French Art Deco Diamond Ring, ca. 1930
Appraised Value: $25,000 - $30,000 (2013)
IMAGE: 1 of 1
Cuts and color vary, but the stone must appeal, whether it’s D flawless or not! Learn more about antique diamond rings from jewelry expert Mark Schaffer.
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Appraisal Video: (2:29)
GUEST: I bought it at auction, got it home, and I noticed it had a lot of sparkle. It was sold to me as a cubic zirconia in silver. So it really had a lot of fire, so I got under a microscope and started noticing little symbols on the outside of the shank and did a little research into one of the marks: the dog head platinum, a French mark.
APPRAISER: And how did you do that research?
GUEST: Internet. I just typed in "dog's head hallmark," and that's what came up. It said that France started using the dog head hallmark in about 1912.
APPRAISER: And how much did you pay for it, do you remember?
GUEST: About $30.
APPRAISER: About $30, and how long ago was that?
GUEST: It was about two or three years ago.
APPRAISER: Okay, so it was the fact that there are marks on the shank that made you wonder if there may be more to the story.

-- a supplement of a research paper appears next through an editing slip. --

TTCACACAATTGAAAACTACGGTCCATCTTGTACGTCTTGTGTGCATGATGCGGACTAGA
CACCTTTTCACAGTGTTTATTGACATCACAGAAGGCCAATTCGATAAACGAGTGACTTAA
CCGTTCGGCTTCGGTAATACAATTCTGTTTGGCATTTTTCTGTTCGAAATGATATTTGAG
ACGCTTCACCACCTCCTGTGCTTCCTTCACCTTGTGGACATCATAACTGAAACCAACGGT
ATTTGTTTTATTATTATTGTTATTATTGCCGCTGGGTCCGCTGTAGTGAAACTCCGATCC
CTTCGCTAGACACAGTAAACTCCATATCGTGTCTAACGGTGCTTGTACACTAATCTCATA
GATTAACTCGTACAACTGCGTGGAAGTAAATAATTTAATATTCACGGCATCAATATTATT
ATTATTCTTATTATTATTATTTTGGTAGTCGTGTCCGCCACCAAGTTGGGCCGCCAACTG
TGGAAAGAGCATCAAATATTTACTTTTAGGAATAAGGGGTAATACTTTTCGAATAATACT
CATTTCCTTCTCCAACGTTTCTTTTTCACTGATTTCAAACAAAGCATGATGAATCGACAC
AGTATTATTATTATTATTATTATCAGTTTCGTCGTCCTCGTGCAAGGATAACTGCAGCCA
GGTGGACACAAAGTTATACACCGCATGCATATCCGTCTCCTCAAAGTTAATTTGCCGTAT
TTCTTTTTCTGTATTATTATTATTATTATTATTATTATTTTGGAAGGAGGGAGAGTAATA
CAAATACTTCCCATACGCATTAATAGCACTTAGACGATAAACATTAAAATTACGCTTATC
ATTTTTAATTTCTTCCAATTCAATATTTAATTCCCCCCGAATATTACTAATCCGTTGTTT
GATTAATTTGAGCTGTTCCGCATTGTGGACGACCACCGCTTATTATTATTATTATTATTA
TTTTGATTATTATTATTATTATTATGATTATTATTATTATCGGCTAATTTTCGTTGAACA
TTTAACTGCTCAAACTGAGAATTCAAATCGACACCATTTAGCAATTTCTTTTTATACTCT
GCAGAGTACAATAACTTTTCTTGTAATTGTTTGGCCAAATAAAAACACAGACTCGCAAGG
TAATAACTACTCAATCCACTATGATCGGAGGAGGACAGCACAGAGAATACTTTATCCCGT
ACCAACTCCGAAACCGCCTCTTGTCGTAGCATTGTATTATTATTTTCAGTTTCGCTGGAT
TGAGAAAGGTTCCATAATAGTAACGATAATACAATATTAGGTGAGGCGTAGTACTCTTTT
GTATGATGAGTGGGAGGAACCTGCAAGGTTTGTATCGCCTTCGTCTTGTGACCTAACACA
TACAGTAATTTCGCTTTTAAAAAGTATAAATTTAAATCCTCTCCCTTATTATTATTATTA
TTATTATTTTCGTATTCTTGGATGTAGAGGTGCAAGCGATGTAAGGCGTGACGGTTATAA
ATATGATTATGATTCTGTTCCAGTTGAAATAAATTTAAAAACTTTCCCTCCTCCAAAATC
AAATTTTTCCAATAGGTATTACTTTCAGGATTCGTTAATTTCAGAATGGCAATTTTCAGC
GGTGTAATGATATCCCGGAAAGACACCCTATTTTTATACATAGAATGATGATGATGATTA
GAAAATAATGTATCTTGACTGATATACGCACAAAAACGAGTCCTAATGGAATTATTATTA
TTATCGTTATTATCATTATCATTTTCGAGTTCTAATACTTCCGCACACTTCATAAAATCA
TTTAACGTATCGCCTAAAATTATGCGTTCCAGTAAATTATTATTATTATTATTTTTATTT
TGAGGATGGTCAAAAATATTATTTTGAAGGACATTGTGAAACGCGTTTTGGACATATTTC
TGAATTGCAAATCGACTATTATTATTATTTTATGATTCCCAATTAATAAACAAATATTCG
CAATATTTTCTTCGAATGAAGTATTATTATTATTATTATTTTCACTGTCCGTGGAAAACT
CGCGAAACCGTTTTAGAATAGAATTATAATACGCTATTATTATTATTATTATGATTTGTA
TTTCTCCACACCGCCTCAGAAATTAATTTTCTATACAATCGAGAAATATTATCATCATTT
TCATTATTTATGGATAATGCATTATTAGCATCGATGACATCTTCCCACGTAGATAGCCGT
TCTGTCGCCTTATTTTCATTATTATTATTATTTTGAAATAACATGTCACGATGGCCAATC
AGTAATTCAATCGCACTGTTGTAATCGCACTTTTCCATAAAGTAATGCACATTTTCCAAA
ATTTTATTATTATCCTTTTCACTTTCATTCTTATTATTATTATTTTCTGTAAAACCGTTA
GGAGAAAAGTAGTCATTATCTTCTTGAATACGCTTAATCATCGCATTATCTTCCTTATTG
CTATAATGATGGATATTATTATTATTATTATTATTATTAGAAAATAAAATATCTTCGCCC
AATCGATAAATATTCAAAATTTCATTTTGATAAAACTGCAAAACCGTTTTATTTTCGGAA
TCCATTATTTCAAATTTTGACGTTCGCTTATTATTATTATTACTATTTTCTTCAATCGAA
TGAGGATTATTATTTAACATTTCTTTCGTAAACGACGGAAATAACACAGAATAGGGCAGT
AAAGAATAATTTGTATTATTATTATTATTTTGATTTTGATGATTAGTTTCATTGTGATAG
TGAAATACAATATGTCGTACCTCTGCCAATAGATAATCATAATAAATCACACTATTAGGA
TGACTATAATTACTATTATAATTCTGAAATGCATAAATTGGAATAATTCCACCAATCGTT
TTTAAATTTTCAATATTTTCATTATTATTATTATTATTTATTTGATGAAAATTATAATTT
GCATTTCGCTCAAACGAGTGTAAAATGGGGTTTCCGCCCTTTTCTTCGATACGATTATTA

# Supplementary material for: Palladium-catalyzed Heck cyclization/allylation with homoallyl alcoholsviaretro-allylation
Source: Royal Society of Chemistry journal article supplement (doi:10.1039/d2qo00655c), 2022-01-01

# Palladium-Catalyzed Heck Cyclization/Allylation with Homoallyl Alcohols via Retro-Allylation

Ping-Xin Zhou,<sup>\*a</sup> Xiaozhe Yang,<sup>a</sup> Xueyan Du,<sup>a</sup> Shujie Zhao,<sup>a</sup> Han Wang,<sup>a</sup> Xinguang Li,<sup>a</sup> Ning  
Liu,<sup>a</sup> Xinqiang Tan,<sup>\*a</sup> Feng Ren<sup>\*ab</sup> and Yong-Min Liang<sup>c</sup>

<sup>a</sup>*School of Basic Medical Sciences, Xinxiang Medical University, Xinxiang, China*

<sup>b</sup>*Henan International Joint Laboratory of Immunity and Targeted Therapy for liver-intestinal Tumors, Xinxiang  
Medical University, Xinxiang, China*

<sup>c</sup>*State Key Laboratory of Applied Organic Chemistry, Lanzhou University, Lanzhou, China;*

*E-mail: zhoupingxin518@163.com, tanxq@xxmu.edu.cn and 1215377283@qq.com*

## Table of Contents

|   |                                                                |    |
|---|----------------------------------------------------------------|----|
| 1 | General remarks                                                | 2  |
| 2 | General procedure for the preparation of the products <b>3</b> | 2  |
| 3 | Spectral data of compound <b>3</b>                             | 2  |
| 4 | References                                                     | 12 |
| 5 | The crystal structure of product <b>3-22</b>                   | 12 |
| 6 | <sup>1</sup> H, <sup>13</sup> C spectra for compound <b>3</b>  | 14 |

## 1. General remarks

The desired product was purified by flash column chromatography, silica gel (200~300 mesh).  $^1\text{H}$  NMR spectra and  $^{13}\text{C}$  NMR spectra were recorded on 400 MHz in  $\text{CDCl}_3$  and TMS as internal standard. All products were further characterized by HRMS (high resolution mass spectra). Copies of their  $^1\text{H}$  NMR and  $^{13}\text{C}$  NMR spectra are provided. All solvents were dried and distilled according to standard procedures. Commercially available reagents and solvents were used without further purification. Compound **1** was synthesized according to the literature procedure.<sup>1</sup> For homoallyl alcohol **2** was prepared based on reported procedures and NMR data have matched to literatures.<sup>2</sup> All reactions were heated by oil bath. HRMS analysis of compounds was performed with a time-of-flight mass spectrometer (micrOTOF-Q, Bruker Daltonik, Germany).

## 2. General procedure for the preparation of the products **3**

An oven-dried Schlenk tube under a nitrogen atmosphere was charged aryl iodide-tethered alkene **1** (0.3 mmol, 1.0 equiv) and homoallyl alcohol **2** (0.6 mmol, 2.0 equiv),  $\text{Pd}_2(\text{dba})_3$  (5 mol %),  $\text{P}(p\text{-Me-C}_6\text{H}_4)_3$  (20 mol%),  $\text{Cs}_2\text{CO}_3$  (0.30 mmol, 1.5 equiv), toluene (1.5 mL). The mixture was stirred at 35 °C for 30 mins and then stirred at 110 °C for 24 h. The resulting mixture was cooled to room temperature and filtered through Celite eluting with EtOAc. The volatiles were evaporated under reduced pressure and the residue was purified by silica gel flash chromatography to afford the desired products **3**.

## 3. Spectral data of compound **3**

GUEST: That's correct. I was wondering, well, why would someone put cubic zirconia in possibly a platinum setting?
APPRAISER: Very interesting, it's a very good question and you make a very good point that the setting actually can reveal something about the rest of the piece. We tested this and tested it again, and the reason it's confusing is that this is not one stone. Initially it looks like one stone with multi-facets. But then once you start looking more closely, you realize that there's a central stone. It's an unusual setting. There are small, trapezoidal stones in a step fashion set all around the central stone. And it builds up like one big, large stone, but the play of light is a little odd because it's multiple stones, not a single stone. We tested it, we looked at it, we put it under the loupe, we used the diamond tester just to be sure. But in fact, it does test as a diamond, not as CZ. What you have is a ring that looks like it's sort of eight to ten carats from the top as a diamond. In fact, in the center is a stone that's about 1.5--let's say a carat and a half--and a few more carats in the surrounding stones in a platinum mount. It's a style of ring that could be as early as 1920s, 1930s. Altogether, given the carat weight, in a retail setting, I would say a conservative selling price would be in the $25,000 to $30,000 price range.
GUEST: Amazing. Amazing. I am shocked and happy. This is great.
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